It wasn't easy. I ran out of my favorite blends one by one. I used up my runners-up. I forced myself to pitch the try-it-outs that didn't work out. But finally, in November, my stash was down to one basket on the kitchen counter. Sure, it was holding about a pound of tea, but seven or eight varieties, and most of those green, and shut up, I don't have a problem, you have a problem! with cold weather coming, I decided some black teas were in order.

Long story short: I've got new sippage, so you get new tea reviews!

One of my new regular vendors is the English Tea Store, purveyors of bulk tea and snackage from the UK. One of the teas I ordered was 4 oz of blackcurrant 'naturally flavored' loose leaf black tea, to see how it stacked up to my custom currant-y blend from Adagio Teas. I love the custom blend, but Adagio botched it twice in a row and their customer service leaves one wishing for the care and attention of, say, Charter or AT&T.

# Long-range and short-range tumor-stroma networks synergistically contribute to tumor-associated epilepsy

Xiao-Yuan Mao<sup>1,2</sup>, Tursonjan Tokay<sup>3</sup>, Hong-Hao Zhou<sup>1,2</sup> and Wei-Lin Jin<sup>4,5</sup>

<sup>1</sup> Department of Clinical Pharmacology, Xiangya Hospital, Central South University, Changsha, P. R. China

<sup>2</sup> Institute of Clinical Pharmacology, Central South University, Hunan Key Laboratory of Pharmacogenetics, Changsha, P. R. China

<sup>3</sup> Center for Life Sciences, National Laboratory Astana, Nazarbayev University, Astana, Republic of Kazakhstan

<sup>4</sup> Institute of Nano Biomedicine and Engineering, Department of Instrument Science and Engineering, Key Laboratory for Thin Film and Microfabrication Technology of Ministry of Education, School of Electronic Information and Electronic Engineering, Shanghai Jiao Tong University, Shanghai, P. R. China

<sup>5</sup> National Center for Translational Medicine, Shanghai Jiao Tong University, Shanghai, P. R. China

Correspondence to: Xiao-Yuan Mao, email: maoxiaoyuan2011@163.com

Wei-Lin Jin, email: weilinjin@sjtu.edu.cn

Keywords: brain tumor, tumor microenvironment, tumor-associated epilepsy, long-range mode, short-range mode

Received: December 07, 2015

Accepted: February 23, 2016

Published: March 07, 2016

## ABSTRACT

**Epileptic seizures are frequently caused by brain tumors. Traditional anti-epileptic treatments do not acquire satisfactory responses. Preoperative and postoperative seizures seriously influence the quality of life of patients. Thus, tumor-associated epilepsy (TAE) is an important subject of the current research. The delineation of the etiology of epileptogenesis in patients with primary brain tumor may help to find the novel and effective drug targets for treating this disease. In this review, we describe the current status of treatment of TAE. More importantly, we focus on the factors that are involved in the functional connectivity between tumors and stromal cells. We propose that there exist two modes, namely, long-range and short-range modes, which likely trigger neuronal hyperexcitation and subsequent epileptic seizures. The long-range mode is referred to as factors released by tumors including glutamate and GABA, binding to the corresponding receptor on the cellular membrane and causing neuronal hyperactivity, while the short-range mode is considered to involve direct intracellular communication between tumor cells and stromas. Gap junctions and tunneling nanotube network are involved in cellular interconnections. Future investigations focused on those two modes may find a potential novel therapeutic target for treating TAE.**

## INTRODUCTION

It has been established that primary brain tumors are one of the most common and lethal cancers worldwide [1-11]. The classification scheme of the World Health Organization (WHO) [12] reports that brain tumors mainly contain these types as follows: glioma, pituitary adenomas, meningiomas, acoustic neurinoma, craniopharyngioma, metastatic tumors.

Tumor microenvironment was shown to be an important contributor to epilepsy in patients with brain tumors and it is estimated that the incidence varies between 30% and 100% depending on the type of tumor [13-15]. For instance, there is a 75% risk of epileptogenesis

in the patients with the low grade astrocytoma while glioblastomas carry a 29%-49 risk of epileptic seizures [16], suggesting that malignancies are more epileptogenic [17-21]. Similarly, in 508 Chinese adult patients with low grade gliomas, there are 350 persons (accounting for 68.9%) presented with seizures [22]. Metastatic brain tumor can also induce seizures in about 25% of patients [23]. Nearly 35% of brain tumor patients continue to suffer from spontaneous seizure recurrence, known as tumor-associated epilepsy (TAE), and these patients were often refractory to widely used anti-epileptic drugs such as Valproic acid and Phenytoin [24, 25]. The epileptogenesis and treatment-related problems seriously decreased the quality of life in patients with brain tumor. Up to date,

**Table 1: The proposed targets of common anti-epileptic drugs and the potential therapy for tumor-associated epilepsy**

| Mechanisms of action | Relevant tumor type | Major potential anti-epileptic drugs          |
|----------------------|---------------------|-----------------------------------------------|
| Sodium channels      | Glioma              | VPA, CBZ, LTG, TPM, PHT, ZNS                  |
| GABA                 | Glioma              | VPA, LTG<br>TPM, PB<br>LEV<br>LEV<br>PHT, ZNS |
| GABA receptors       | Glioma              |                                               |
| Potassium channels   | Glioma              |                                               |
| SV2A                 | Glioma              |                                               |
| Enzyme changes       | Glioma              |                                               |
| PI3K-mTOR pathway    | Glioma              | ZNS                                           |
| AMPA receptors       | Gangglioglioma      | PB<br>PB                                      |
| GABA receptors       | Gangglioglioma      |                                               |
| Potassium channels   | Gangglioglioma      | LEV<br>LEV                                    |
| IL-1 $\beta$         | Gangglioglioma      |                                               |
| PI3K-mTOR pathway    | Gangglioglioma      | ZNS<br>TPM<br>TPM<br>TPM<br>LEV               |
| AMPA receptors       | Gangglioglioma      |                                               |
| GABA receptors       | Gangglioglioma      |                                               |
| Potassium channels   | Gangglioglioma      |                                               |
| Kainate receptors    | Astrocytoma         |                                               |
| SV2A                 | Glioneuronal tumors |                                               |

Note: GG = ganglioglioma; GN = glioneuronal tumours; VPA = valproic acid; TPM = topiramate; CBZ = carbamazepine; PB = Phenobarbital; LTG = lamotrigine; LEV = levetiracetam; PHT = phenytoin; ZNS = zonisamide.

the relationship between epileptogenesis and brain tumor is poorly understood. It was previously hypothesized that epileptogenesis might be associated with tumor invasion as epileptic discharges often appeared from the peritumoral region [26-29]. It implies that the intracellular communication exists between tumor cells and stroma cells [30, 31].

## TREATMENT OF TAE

I also regularly order from Baltimore Coffee & Tea Company, because they own the Eastern Shore Tea Company, seller of loose leaf tea in white paper pouches with nifty labels and reusable muslin bags. I don't remember where Eastern Shore and I first met, but after a long dry spell, they turned up again sporadically in the shop at the Missouri Botanical Garden, tucked behind items on random shelves like they'd been stocked by someone who's never worked proper retail before little surprises. Though it's been a few years since I had their blackcurrant tea, named Black Raven in honor of Poe, I purchased a pound because I remembered it fondly.

In the Bag:
- The English Tea Store's blackcurrant contains blue and yellow petals--cornflower and sunflower, probably, since they're popular fillers these days. (I guess hibiscus has been retired.) The petals aren't in the sample photo and the ingredients only list black tea and 'natural flavor' (i.e. flavoring sprayed on the tea leaves), so either the site is outdated or you only get uncut tea in larger amounts.